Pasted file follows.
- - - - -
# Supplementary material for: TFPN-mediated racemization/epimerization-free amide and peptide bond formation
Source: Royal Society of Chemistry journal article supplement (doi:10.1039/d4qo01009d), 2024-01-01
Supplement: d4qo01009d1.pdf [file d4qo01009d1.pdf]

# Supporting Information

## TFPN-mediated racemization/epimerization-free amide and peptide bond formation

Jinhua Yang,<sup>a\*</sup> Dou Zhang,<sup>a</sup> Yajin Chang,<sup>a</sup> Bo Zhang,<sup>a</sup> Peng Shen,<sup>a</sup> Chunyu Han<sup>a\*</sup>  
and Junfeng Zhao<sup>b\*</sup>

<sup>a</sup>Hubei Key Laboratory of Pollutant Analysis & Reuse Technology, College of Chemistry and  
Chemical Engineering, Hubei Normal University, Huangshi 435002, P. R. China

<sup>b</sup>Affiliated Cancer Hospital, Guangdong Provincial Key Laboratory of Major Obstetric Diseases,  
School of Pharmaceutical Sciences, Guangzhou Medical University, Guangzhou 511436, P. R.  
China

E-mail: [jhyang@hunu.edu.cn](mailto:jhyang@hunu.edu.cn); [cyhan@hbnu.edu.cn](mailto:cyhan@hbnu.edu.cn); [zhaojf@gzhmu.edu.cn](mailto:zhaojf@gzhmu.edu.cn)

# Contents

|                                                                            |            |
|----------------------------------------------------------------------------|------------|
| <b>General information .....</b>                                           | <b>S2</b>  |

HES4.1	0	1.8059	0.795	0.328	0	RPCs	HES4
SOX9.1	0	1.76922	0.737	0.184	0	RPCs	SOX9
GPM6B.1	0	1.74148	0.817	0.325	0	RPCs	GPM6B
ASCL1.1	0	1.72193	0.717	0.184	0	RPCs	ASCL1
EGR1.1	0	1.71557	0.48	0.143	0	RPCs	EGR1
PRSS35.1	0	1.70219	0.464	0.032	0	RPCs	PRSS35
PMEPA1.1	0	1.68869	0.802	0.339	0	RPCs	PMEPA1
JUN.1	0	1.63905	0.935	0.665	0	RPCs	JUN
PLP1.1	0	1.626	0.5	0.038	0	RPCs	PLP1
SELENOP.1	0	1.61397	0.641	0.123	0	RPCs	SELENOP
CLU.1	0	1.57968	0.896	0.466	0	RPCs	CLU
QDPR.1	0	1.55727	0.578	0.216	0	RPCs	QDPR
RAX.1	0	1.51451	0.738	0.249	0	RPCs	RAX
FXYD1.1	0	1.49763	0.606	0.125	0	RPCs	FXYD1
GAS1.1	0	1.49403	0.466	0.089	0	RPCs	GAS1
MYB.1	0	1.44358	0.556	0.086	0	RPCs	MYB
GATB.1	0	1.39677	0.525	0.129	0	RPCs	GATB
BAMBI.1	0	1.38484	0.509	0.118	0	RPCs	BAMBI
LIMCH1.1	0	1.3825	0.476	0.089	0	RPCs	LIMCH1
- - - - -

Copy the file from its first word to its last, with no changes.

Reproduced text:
# Supplementary material for: TFPN-mediated racemization/epimerization-free amide and peptide bond formation
Source: Royal Society of Chemistry journal article supplement (doi:10.1039/d4qo01009d), 2024-01-01
Supplement: d4qo01009d1.pdf [file d4qo01009d1.pdf]

# Supporting Information

## TFPN-mediated racemization/epimerization-free amide and peptide bond formation

Jinhua Yang,<sup>a\*</sup> Dou Zhang,<sup>a</sup> Yajin Chang,<sup>a</sup> Bo Zhang,<sup>a</sup> Peng Shen,<sup>a</sup> Chunyu Han<sup>a\*</sup>  
and Junfeng Zhao<sup>b\*</sup>

<sup>a</sup>Hubei Key Laboratory of Pollutant Analysis & Reuse Technology, College of Chemistry and  
Chemical Engineering, Hubei Normal University, Huangshi 435002, P. R. China

<sup>b</sup>Affiliated Cancer Hospital, Guangdong Provincial Key Laboratory of Major Obstetric Diseases,  
School of Pharmaceutical Sciences, Guangzhou Medical University, Guangzhou 511436, P. R.  
China

E-mail: [jhyang@hunu.edu.cn](mailto:jhyang@hunu.edu.cn); [cyhan@hbnu.edu.cn](mailto:cyhan@hbnu.edu.cn); [zhaojf@gzhmu.edu.cn](mailto:zhaojf@gzhmu.edu.cn)

# Contents

|                                                                            |            |
|----------------------------------------------------------------------------|------------|
| <b>General information .....</b>                                           | <b>S2</b>  |

HES4.1	0	1.8059	0.795	0.328	0	RPCs	HES4
SOX9.1	0	1.76922	0.737	0.184	0	RPCs	SOX9
GPM6B.1	0	1.74148	0.817	0.325	0	RPCs	GPM6B
ASCL1.1	0	1.72193	0.717	0.184	0	RPCs	ASCL1
EGR1.1	0	1.71557	0.48	0.143	0	RPCs	EGR1
PRSS35.1	0	1.70219	0.464	0.032	0	RPCs	PRSS35
PMEPA1.1	0	1.68869	0.802	0.339	0	RPCs	PMEPA1
JUN.1	0	1.63905	0.935	0.665	0	RPCs	JUN
PLP1.1	0	1.626	0.5	0.038	0	RPCs	PLP1
SELENOP.1	0	1.61397	0.641	0.123	0	RPCs	SELENOP
CLU.1	0	1.57968	0.896	0.466	0	RPCs	CLU
QDPR.1	0	1.55727	0.578	0.216	0	RPCs	QDPR
RAX.1	0	1.51451	0.738	0.249	0	RPCs	RAX
FXYD1.1	0	1.49763	0.606	0.125	0	RPCs	FXYD1
GAS1.1	0	1.49403	0.466	0.089	0	RPCs	GAS1
MYB.1	0	1.44358	0.556	0.086	0	RPCs	MYB
GATB.1	0	1.39677	0.525	0.129	0	RPCs	GATB
BAMBI.1	0	1.38484	0.509	0.118	0	RPCs	BAMBI
LIMCH1.1	0	1.3825	0.476	0.089	0	RPCs	LIMCH1